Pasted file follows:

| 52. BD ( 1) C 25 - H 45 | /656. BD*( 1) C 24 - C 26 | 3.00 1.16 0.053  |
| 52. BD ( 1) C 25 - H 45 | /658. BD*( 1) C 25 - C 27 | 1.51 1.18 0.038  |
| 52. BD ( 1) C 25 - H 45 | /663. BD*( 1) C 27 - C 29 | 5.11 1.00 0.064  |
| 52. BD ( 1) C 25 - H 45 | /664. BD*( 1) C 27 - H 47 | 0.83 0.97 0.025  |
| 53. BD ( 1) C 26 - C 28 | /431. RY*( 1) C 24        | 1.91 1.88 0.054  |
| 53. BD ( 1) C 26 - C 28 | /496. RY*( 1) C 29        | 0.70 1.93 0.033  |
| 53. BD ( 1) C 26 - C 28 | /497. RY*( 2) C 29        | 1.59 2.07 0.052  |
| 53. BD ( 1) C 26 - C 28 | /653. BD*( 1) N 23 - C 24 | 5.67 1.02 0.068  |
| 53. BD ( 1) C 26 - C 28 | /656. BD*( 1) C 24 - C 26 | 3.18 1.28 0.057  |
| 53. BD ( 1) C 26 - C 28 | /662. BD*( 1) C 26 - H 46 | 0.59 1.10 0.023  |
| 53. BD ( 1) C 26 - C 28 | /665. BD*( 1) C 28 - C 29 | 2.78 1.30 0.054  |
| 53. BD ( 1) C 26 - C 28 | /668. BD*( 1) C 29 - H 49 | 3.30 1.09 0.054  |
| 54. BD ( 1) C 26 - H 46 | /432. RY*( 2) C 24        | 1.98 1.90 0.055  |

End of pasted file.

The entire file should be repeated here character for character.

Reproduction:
| 52. BD ( 1) C 25 - H 45 | /656. BD*( 1) C 24 - C 26 | 3.00 1.16 0.053  |
| 52. BD ( 1) C 25 - H 45 | /658. BD*( 1) C 25 - C 27 | 1.51 1.18 0.038  |
| 52. BD ( 1) C 25 - H 45 | /663. BD*( 1) C 27 - C 29 | 5.11 1.00 0.064  |
| 52. BD ( 1) C 25 - H 45 | /664. BD*( 1) C 27 - H 47 | 0.83 0.97 0.025  |
| 53. BD ( 1) C 26 - C 28 | /431. RY*( 1) C 24        | 1.91 1.88 0.054  |
| 53. BD ( 1) C 26 - C 28 | /496. RY*( 1) C 29        | 0.70 1.93 0.033  |
| 53. BD ( 1) C 26 - C 28 | /497. RY*( 2) C 29        | 1.59 2.07 0.052  |
| 53. BD ( 1) C 26 - C 28 | /653. BD*( 1) N 23 - C 24 | 5.67 1.02 0.068  |
| 53. BD ( 1) C 26 - C 28 | /656. BD*( 1) C 24 - C 26 | 3.18 1.28 0.057  |
| 53. BD ( 1) C 26 - C 28 | /662. BD*( 1) C 26 - H 46 | 0.59 1.10 0.023  |
| 53. BD ( 1) C 26 - C 28 | /665. BD*( 1) C 28 - C 29 | 2.78 1.30 0.054  |
| 53. BD ( 1) C 26 - C 28 | /668. BD*( 1) C 29 - H 49 | 3.30 1.09 0.054  |
| 54. BD ( 1) C 26 - H 46 | /432. RY*( 2) C 24        | 1.98 1.90 0.055  |